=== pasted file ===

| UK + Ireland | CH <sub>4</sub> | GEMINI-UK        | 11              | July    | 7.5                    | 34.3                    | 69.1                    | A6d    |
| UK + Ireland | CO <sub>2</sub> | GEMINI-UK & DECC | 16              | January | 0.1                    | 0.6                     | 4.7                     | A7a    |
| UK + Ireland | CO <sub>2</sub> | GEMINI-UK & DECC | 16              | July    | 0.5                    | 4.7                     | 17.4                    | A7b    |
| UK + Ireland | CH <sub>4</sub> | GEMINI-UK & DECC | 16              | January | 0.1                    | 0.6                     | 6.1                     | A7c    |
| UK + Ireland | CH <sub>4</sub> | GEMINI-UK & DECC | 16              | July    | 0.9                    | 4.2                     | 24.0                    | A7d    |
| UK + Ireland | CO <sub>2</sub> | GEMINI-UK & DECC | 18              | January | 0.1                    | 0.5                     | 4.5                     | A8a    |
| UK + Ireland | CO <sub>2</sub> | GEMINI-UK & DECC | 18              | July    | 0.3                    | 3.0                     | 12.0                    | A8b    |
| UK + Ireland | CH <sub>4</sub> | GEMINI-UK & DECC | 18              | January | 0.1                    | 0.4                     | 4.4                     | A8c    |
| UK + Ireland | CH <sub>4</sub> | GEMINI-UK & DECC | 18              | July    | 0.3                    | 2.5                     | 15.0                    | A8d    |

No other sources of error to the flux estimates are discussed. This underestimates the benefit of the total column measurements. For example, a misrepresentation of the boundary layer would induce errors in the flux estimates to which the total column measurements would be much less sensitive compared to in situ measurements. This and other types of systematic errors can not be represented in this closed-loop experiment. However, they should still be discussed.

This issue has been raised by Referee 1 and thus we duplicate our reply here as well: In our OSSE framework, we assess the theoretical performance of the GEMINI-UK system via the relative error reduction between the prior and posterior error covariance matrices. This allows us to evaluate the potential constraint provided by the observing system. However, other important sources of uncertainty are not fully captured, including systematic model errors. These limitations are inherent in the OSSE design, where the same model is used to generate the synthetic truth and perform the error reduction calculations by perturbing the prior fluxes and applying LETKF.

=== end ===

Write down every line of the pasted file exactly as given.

| UK + Ireland | CH <sub>4</sub> | GEMINI-UK        | 11              | July    | 7.5                    | 34.3                    | 69.1                    | A6d    |
| UK + Ireland | CO <sub>2</sub> | GEMINI-UK & DECC | 16              | January | 0.1                    | 0.6                     | 4.7                     | A7a    |
| UK + Ireland | CO <sub>2</sub> | GEMINI-UK & DECC | 16              | July    | 0.5                    | 4.7                     | 17.4                    | A7b    |
| UK + Ireland | CH <sub>4</sub> | GEMINI-UK & DECC | 16              | January | 0.1                    | 0.6                     | 6.1                     | A7c    |
| UK + Ireland | CH <sub>4</sub> | GEMINI-UK & DECC | 16              | July    | 0.9                    | 4.2                     | 24.0                    | A7d    |
| UK + Ireland | CO <sub>2</sub> | GEMINI-UK & DECC | 18              | January | 0.1                    | 0.5                     | 4.5                     | A8a    |
| UK + Ireland | CO <sub>2</sub> | GEMINI-UK & DECC | 18              | July    | 0.3                    | 3.0                     | 12.0                    | A8b    |
| UK + Ireland | CH <sub>4</sub> | GEMINI-UK & DECC | 18              | January | 0.1                    | 0.4                     | 4.4                     | A8c    |
| UK + Ireland | CH <sub>4</sub> | GEMINI-UK & DECC | 18              | July    | 0.3                    | 2.5                     | 15.0                    | A8d    |

No other sources of error to the flux estimates are discussed. This underestimates the benefit of the total column measurements. For example, a misrepresentation of the boundary layer would induce errors in the flux estimates to which the total column measurements would be much less sensitive compared to in situ measurements. This and other types of systematic errors can not be represented in this closed-loop experiment. However, they should still be discussed.

This issue has been raised by Referee 1 and thus we duplicate our reply here as well: In our OSSE framework, we assess the theoretical performance of the GEMINI-UK system via the relative error reduction between the prior and posterior error covariance matrices. This allows us to evaluate the potential constraint provided by the observing system. However, other important sources of uncertainty are not fully captured, including systematic model errors. These limitations are inherent in the OSSE design, where the same model is used to generate the synthetic truth and perform the error reduction calculations by perturbing the prior fluxes and applying LETKF.